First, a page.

Following a devastating loss in Week 12 to the New England Patriots in which they squandered a 24-0 halftime lead, the Denver Broncos defeated the Kansas City Chiefs for the second time this season last Sunday.
So they're back near the top of Super Bowl favorites, right?
The Broncos are in a similar position to the one they were in one year ago. They sit at 10-2 with four very winnable games remaining on the schedule.
The AFC playoffs could very likely go through Denver.
But Denver had home-field advantage in the playoffs last season, and we all remember how that turned out.
This Broncos team, as good as it is, cannot afford another devastating loss like the one they had against Baltimore last year. This team is built to win—now.
The Ravens were in a similar situation last year: Once they reached the Super Bowl, talk of their Super Bowl window became more prevalent.
That's because the team had their long-time leader Ray Lewis announce his retirement during the season. They also had several key free agents they weren't going to be able to bring back.
The team had to win and they knew it.
After they knocked off San Francisco to win it all, they saw Anquan Boldin, Paul Kruger, Ed Reed, Cary Williams and Dannell Ellerbe all sign with other teams.
For Denver, the problems they'll face won't be related to free agency—their secondary and the age of their star quarterback will be questioned.
Champ Bailey is clearly not the player Denver fans have enjoyed watching since he arrived via trade in 2004.
On the season, Bailey has played in just three games and was eventually benched against Kansas City on Sunday.
He has been bothered by an ailing foot since the preseason, but he has lost a step in coverage as well.
But that is far from Denver's only issue in the secondary.
Tony Carter and Dominique Rodgers-Cromartie are both free agents after the season, and Quentin Jammer turns 35 years old in June.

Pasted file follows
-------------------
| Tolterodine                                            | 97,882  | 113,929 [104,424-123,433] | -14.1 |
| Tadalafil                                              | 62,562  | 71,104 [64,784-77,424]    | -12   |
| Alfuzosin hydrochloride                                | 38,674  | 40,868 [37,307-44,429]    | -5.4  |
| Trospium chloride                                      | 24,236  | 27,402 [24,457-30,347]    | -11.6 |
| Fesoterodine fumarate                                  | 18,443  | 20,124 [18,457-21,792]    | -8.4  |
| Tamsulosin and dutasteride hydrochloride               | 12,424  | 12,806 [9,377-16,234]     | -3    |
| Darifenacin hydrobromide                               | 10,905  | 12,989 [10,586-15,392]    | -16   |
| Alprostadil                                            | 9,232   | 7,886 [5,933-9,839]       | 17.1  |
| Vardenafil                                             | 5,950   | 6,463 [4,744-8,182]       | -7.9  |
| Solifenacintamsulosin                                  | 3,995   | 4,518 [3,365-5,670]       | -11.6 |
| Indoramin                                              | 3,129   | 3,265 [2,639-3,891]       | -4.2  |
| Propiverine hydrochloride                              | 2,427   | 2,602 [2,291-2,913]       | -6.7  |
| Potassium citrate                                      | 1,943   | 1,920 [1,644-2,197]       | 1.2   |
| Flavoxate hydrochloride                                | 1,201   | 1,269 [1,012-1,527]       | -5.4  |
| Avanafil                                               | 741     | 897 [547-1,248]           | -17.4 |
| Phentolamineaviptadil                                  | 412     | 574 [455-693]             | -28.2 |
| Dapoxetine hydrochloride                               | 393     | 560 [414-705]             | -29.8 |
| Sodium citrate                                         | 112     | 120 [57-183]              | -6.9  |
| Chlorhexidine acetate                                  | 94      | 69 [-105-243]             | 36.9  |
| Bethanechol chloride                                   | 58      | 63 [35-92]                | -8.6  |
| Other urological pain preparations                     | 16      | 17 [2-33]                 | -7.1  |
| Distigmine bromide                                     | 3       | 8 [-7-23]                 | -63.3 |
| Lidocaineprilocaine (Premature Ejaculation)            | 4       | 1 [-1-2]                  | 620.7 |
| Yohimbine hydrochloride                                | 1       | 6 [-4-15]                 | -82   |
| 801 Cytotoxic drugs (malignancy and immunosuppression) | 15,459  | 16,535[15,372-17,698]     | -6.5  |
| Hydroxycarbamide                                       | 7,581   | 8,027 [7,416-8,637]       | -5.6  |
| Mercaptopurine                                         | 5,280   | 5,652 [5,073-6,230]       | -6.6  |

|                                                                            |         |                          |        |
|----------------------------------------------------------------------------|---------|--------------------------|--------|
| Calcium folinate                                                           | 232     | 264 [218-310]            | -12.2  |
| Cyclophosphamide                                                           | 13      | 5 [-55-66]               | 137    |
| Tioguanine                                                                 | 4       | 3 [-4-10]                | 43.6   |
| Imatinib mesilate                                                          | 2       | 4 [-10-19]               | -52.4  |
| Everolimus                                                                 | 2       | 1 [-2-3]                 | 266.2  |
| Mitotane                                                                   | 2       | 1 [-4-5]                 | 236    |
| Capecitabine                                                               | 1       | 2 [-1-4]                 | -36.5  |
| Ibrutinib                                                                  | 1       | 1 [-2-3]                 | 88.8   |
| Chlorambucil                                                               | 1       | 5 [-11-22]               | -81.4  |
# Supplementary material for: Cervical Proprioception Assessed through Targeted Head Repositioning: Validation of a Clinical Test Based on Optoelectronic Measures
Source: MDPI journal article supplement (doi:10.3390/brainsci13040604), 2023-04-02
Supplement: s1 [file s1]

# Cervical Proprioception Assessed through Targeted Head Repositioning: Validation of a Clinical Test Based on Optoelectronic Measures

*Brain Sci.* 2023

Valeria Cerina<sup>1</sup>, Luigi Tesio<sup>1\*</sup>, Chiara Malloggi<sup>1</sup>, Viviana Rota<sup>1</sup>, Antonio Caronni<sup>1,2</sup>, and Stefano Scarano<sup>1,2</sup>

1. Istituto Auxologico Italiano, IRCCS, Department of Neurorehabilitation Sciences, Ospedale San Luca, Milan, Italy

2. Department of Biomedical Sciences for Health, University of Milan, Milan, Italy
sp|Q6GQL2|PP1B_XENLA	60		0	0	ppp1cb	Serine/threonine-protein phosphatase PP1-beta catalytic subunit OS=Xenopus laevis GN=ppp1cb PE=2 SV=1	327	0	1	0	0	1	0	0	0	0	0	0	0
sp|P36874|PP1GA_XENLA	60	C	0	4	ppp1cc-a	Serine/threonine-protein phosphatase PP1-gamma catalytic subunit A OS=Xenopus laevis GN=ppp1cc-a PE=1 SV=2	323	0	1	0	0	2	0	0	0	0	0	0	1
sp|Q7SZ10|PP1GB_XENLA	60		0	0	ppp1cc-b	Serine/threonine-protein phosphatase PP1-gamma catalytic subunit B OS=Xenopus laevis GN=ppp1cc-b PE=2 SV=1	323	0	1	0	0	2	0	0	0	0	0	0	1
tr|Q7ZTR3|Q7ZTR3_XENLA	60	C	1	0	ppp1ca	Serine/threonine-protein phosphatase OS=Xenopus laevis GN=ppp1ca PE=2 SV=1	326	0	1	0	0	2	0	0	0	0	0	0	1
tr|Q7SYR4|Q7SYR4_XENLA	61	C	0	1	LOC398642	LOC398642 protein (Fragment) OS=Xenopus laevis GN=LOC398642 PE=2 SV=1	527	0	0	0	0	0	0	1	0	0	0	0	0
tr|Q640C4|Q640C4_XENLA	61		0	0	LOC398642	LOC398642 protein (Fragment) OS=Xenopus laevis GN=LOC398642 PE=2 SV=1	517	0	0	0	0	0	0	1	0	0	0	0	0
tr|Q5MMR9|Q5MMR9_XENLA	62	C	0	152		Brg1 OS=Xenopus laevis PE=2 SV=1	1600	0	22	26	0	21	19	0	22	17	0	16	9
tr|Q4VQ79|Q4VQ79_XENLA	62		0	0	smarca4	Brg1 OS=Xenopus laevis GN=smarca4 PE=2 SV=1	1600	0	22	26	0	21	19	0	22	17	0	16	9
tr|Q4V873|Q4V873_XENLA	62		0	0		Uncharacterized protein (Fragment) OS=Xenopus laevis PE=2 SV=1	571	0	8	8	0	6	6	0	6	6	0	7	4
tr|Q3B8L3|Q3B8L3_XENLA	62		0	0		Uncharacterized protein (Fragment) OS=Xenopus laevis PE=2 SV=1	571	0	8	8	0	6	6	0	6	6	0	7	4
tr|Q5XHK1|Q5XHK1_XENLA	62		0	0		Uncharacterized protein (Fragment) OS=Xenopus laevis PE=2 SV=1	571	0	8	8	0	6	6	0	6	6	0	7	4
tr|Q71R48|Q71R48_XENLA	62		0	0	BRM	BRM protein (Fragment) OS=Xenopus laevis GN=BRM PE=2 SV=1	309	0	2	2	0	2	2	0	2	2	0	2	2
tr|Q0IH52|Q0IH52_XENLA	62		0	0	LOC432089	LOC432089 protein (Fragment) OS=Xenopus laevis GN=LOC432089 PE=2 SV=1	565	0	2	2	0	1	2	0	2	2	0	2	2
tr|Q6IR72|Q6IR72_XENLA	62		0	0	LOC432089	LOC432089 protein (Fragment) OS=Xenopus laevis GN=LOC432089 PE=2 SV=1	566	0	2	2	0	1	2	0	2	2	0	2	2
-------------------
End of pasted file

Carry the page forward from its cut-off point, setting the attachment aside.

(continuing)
It's unlikely that all three will be back in Denver next season.
At the safety position, Quinton Carter has missed the better part of two seasons with injuries, and Mike Adams will also hit the free-agent market.
Still, with the inconsistent play and all the injuries in the defensive backfield, Denver has won 10 of 12 games this season.
That is largely due to the play of Peyton Manning, who is putting together a stellar season.
But Manning will be 38 years old next year, and he can't play forever. Behind him, the Broncos have the very inexperienced Brock Osweiler.
Every Denver fan can recall Brian Griese stepping in for a retired legend.
Manning signed a five-year contract in the 2012 offseason when he agreed to come to Denver, but if he plays it out, he'd finish his career at 40.
It's entirely possible that Manning will play that long, and if he can play at this level now, there is really no reason he won't be able to in the future.
But is his play enough? Can the ability of Manning overcome a defense that has been exposed at times? That never really worked for him in Indianapolis, did it?
Manning put together a great 2012 season, and he would have been league MVP if not for Adrian Peterson's incredible campaign.
That still wasn't good enough for Denver to win even one playoff game.
For Manning and the Broncos, the time to win is now. The mindset of the team has to be Super Bowl or bust, whether they admit it publicly or not.
After all, Manning didn't come to Denver to make his career stat line look better. He came here to win at least one more ring.
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